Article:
Increasing cyber insurance claim frequency and severity have generated a volatile risk environment in recent years, with most policyholders facing continued premium hikes. Fortunately, the segment experienced underwriting profitability in 2022, allowing for conditions to soften during 2023. Yet, many insureds are still experiencing coverage restrictions, scrutiny from underwriters regarding cybersecurity practices and exclusions for certain losses. Industry experts believe conditions may keep softening in 2024; however, this segment sees frequent changes and reacts to developments faster than other lines of coverage, making pricing predictions hard to pin down. As such, insureds with a strong cybersecurity posture are best equipped to navigate this evolving landscape.
Development and Trends to Watch
- Data collection concerns—A growing number of businesses have begun leveraging biometrics, pixels and other tracking technology to gather personal information from stakeholders for various HR, advertising and marketing processes; however, doing so poses several data privacy concerns. For instance, businesses that neglect to comply with applicable international, federal and state legislation when collecting, processing and storing stakeholders’ data could face substantial regulatory penalties, costly lawsuits and associated cyber losses. Compounding concerns, cyber insurance carriers are increasingly excluding coverage for losses caused by the wrongful collection of data, leaving businesses largely unprotected against this exposure.
- Artificial intelligence (AI) exposures—While AI technology can certainly offer benefits in the realm of cybersecurity, it also has the potential to be weaponized by cybercriminals, therefore exacerbating cyber losses and related claims among businesses. In particular, cybercriminals can utilize AI technology when creating and distributing malware, cracking passwords, deploying social engineering scams, identifying software vulnerabilities and analyzing stolen data. This technology can enable such activities to be carried out faster and with greater success rates, allowing cybercriminals to cause major damage. To help combat losses stemming from weaponized AI technology, some businesses have begun implementing more comprehensive cybersecurity measures, particularly as it pertains to threat identification and data protection initiatives.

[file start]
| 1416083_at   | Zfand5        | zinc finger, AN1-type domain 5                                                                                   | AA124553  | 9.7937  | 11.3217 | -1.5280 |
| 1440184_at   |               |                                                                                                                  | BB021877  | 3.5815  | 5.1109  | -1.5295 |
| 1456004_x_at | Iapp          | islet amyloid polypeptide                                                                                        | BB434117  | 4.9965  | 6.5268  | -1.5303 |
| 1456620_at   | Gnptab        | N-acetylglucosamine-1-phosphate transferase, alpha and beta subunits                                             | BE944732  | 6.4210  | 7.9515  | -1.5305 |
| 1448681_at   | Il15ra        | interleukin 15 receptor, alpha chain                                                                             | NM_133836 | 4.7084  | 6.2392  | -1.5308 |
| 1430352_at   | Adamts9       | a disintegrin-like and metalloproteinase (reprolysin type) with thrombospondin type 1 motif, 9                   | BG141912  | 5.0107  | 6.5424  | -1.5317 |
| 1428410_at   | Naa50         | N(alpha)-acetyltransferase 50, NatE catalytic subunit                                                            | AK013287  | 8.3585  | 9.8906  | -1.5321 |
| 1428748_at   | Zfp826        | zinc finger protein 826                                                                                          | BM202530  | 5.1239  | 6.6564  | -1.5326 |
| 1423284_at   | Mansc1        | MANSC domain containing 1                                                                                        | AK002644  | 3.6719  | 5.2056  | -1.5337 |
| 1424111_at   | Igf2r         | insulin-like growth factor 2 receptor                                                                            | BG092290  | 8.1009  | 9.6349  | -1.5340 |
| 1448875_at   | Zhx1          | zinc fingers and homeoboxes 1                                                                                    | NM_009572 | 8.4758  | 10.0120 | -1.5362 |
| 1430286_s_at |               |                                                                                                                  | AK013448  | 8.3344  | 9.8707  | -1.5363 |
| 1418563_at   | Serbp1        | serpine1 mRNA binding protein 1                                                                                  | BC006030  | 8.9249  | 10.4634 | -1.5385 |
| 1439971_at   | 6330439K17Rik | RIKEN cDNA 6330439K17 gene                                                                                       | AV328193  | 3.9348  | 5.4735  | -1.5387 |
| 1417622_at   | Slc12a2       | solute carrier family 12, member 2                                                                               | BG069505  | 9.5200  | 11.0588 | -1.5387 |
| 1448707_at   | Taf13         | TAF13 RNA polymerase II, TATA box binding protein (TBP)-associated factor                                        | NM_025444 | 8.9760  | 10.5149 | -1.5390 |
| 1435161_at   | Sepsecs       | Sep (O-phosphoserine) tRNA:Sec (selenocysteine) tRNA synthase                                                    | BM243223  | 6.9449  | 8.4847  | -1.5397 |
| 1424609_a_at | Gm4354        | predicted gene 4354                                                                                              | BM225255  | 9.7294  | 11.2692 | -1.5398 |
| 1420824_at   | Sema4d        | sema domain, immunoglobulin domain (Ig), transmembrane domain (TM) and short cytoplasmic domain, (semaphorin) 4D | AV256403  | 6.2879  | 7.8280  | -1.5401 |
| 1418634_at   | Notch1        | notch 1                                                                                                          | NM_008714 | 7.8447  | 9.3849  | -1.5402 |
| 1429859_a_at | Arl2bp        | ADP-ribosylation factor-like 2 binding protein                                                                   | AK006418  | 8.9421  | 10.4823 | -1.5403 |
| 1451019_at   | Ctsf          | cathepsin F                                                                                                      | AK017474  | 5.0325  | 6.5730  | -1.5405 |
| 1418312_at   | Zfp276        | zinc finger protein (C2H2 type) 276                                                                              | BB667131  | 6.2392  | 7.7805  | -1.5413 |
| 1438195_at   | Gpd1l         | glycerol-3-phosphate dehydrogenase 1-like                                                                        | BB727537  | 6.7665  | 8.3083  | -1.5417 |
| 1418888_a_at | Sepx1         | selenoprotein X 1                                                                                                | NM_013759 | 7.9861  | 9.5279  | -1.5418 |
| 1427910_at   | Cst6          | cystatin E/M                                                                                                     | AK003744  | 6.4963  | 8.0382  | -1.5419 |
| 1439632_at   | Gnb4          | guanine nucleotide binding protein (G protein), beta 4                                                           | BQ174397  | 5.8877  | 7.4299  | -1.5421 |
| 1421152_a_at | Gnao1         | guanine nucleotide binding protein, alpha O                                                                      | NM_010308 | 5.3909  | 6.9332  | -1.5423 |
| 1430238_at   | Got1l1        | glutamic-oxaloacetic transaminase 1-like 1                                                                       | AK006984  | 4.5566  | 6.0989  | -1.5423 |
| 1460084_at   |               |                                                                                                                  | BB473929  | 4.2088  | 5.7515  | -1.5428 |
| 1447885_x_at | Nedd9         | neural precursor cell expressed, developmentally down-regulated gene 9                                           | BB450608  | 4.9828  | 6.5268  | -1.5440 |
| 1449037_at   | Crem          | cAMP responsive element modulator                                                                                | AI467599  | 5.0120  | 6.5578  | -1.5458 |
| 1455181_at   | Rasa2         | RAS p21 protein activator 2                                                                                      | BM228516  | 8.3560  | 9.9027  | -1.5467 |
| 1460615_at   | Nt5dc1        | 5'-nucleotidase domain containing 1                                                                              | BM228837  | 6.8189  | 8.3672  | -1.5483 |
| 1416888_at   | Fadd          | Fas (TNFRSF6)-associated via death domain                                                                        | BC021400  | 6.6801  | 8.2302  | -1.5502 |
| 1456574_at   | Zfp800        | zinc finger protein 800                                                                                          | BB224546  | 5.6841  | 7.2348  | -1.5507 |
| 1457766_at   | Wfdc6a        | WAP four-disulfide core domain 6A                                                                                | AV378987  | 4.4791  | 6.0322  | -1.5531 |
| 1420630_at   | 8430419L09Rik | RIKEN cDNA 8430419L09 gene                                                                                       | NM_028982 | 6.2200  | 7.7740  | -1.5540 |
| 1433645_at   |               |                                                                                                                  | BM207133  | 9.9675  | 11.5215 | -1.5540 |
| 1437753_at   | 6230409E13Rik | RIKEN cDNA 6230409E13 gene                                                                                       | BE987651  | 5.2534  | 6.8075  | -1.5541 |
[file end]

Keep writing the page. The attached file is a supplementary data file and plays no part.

- Ransomware threats—Ransomware attacks, which entail cybercriminals compromising devices or servers and demanding large payments before restoring the technology, have skyrocketed over the past decade. Looking ahead, research and market intelligence firm Cybersecurity Ventures confirmed that ransomware incidents will cost businesses up to $265 billion annually by 2031. Amid rising ransomware threats, many cyber insurance carriers have started requiring policyholders to document cybersecurity practices aimed at reducing these attacks before providing coverage, while some have excluded coverage for such incidents altogether.
- Business email compromise (BEC) risks—BEC scams involve cybercriminals impersonating seemingly legitimate sources (e.g., senior-level employees, suppliers and business partners) via email to gain the trust of their targets and trick them into believing they are communicating with genuine senders. From there, cybercriminals convince their targets to wire money, share sensitive information or engage in other compromising activities. According to the FBI, BEC scams have cost businesses $51 billion in exposed losses throughout the past decade. Making matters worse, these scams have seen a significant rise in recent years, with such incidents surging by 47% since 2020 and exacerbating associated cyber losses.
Tips for Insurance Buyers
- Work with your insurance professionals to understand the different types of cyber coverage available and secure a policy that suits your unique needs. Start renewal conversations early.
- Focus on employee training to prevent cybercrime from affecting your operations. Employees should be aware of current cyberthreats (e.g., AI-powered attacks, ransomware and BEC scams) and ways to mitigate them.
- Keep organizational systems protected by utilizing proper security software. Update this software regularly.
- Establish a cyber incident response plan to minimize damages in the event of a data breach or cyberattack.
- Consult insurance professionals and legal counsel to determine your organization’s regulatory exposures in regard to applicable data protection and cybersecurity laws. Make compliance adjustments as needed.